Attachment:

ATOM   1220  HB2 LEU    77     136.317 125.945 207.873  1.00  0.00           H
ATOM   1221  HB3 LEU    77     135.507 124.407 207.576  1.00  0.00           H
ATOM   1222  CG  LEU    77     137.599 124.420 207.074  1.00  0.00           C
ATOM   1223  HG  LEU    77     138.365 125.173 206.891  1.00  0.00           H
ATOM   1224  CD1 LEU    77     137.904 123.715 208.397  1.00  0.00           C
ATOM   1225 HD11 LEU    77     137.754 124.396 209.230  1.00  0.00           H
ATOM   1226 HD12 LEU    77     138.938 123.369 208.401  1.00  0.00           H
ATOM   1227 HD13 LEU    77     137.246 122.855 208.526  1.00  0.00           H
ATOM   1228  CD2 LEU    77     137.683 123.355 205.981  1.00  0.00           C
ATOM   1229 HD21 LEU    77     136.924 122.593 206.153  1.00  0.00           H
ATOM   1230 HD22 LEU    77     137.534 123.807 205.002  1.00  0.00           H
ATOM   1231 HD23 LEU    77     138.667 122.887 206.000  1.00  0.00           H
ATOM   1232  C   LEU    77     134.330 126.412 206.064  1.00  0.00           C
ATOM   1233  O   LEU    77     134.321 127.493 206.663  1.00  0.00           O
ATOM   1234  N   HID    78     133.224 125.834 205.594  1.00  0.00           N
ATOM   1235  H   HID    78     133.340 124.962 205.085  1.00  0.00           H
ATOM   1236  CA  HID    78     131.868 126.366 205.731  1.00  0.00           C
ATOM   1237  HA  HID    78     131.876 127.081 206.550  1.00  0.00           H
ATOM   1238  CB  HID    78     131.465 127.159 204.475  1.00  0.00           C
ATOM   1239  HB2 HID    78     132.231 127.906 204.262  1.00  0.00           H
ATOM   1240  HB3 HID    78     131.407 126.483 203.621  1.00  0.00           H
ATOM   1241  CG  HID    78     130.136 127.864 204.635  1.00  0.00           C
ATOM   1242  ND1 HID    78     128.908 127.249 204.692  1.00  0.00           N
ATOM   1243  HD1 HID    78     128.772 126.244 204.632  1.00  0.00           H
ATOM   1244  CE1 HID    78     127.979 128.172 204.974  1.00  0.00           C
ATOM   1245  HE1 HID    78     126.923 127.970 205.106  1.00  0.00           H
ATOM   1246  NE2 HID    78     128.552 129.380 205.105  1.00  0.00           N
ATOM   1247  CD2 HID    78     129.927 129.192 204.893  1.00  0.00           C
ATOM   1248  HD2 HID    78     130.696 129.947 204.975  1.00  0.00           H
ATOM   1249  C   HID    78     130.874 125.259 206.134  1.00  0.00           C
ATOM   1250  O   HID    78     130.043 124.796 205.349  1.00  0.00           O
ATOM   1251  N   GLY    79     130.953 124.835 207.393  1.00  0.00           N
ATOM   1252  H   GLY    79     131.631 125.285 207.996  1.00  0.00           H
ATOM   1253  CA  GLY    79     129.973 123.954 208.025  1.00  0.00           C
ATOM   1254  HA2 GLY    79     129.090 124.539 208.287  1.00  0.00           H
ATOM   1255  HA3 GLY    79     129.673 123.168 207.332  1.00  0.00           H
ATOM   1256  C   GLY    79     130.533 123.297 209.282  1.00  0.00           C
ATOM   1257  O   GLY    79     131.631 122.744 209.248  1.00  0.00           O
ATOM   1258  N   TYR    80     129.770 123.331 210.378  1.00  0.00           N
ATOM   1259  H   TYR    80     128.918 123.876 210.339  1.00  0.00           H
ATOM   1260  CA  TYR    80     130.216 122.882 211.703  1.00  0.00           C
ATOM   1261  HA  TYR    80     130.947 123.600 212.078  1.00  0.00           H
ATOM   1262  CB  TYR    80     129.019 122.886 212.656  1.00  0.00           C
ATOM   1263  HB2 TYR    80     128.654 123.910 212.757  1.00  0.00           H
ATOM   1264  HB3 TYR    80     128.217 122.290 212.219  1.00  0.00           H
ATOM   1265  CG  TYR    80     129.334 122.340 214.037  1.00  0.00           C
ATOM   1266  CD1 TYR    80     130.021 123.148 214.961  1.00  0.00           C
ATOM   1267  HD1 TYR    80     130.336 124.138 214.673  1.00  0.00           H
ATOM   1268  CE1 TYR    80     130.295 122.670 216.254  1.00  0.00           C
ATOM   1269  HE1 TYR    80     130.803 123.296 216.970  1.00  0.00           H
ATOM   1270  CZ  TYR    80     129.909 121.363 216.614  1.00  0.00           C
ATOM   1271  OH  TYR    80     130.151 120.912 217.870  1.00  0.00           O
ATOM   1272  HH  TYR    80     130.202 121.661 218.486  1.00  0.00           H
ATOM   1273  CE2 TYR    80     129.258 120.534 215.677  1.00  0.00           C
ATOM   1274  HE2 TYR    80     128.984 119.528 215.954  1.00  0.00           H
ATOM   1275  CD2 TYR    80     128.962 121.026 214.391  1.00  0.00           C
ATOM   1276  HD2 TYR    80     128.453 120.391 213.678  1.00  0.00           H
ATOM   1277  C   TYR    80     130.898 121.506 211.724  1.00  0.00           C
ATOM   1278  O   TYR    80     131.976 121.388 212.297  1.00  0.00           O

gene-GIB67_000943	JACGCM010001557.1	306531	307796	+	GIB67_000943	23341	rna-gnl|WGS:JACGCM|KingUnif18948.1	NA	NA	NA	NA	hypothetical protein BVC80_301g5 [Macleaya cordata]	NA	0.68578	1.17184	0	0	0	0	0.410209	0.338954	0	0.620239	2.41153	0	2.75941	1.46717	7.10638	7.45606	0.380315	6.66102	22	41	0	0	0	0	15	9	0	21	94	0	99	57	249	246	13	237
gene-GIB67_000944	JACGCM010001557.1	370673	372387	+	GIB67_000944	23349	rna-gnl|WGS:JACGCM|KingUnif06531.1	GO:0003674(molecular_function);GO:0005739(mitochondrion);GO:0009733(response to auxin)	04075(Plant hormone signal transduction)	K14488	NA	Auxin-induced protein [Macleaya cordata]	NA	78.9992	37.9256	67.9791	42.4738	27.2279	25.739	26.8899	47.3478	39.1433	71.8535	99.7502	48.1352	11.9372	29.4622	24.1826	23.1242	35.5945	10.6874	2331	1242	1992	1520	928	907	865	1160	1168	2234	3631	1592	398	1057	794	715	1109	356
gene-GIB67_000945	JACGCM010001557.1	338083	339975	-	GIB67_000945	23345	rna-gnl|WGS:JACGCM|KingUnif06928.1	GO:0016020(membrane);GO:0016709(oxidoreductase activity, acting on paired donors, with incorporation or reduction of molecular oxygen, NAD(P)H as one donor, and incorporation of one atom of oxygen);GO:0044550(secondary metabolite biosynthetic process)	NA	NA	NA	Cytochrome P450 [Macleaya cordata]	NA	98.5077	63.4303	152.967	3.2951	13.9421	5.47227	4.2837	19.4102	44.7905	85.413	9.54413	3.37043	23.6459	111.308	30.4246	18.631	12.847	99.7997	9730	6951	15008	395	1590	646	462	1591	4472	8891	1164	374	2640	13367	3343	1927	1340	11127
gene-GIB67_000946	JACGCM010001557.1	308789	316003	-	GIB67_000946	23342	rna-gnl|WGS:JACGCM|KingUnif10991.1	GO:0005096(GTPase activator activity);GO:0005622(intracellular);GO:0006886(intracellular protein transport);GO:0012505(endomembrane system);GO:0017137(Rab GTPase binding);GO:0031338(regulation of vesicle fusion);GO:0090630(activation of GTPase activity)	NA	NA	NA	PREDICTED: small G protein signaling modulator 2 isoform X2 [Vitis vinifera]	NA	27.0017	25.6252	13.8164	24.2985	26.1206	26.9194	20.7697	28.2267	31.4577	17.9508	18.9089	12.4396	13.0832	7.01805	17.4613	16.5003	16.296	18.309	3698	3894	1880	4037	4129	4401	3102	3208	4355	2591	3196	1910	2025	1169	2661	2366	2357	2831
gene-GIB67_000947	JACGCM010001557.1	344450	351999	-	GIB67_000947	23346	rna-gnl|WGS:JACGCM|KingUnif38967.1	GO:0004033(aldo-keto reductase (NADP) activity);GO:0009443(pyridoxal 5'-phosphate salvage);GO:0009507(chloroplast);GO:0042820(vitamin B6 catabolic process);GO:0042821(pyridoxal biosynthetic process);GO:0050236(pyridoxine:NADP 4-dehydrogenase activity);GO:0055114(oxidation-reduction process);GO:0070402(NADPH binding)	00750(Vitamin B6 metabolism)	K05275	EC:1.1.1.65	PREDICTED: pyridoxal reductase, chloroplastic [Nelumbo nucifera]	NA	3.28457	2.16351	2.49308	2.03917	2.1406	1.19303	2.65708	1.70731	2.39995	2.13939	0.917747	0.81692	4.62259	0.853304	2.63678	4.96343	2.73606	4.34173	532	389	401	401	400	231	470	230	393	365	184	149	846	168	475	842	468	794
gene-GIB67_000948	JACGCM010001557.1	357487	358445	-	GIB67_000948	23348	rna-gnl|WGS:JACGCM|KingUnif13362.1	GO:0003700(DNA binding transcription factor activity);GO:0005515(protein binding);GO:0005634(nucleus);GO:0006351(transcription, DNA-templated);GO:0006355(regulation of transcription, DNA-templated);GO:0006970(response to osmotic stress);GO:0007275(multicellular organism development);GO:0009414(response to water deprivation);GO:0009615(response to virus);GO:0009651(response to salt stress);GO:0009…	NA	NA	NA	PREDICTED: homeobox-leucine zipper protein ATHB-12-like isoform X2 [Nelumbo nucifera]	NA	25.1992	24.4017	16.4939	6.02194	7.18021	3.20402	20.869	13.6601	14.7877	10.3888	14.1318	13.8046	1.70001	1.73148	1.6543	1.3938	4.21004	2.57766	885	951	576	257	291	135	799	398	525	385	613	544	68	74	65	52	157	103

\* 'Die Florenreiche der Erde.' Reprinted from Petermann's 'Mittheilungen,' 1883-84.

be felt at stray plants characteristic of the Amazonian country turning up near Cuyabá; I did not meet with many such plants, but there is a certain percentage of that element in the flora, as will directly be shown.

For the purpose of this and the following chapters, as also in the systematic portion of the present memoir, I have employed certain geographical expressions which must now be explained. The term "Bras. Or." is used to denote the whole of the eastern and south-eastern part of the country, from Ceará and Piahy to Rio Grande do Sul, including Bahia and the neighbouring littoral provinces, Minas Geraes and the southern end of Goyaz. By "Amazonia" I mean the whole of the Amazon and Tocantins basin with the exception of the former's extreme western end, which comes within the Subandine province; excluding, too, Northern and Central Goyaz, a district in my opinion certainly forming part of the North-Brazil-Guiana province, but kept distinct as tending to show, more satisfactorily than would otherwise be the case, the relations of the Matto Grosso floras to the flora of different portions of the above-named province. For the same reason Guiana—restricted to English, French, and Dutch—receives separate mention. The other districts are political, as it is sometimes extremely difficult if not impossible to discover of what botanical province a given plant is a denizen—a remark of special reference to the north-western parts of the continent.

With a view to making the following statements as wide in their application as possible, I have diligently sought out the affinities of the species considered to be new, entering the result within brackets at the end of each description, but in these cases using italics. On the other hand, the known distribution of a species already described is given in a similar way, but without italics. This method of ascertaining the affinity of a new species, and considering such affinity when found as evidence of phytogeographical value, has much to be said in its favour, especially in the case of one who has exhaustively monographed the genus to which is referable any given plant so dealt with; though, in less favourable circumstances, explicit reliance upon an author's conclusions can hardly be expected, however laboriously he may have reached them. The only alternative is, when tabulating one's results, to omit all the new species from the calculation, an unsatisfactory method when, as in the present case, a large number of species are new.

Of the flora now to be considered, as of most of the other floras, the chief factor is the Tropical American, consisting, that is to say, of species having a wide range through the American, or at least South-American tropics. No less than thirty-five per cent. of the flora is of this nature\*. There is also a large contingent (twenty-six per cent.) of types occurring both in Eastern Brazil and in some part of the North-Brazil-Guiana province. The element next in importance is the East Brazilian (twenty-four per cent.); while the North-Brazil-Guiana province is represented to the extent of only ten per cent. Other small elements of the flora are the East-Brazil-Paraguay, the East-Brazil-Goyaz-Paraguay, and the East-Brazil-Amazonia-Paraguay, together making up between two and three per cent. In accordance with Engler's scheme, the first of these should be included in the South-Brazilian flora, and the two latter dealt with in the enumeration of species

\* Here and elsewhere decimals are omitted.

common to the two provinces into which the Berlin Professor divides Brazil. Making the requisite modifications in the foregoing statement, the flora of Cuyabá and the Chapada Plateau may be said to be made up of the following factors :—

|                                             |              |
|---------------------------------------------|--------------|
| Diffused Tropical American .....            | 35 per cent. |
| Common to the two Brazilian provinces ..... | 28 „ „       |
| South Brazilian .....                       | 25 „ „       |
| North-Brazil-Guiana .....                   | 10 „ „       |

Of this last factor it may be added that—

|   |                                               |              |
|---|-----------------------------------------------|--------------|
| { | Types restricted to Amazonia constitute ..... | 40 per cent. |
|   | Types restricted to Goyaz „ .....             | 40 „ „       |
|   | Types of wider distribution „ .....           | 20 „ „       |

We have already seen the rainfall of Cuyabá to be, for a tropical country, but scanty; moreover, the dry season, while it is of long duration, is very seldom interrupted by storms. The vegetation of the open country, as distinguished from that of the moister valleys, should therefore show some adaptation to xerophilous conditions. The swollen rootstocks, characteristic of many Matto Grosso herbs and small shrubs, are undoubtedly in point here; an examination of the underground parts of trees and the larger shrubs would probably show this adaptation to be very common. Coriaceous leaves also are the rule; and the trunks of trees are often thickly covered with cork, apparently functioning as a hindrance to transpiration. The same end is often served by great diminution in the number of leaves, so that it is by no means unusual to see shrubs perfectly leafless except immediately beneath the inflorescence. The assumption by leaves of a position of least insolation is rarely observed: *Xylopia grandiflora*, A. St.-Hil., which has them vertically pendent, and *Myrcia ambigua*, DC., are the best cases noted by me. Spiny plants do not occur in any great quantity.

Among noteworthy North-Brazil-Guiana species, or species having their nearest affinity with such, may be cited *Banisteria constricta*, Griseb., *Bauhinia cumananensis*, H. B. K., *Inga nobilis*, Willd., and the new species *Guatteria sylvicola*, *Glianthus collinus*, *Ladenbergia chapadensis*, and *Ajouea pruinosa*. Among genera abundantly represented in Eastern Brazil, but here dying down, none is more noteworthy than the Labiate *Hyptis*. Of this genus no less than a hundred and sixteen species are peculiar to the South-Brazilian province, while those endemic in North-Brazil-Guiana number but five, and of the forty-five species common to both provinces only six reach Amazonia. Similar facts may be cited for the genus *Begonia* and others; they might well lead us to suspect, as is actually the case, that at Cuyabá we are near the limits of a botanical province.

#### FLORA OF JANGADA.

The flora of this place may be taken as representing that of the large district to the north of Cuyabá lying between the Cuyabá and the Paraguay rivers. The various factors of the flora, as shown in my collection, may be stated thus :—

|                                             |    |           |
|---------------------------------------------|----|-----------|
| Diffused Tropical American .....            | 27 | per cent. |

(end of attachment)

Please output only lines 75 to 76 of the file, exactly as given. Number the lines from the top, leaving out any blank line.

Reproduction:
| Diffused Tropical American .....            | 35 per cent. |
| Common to the two Brazilian provinces ..... | 28 „ „       |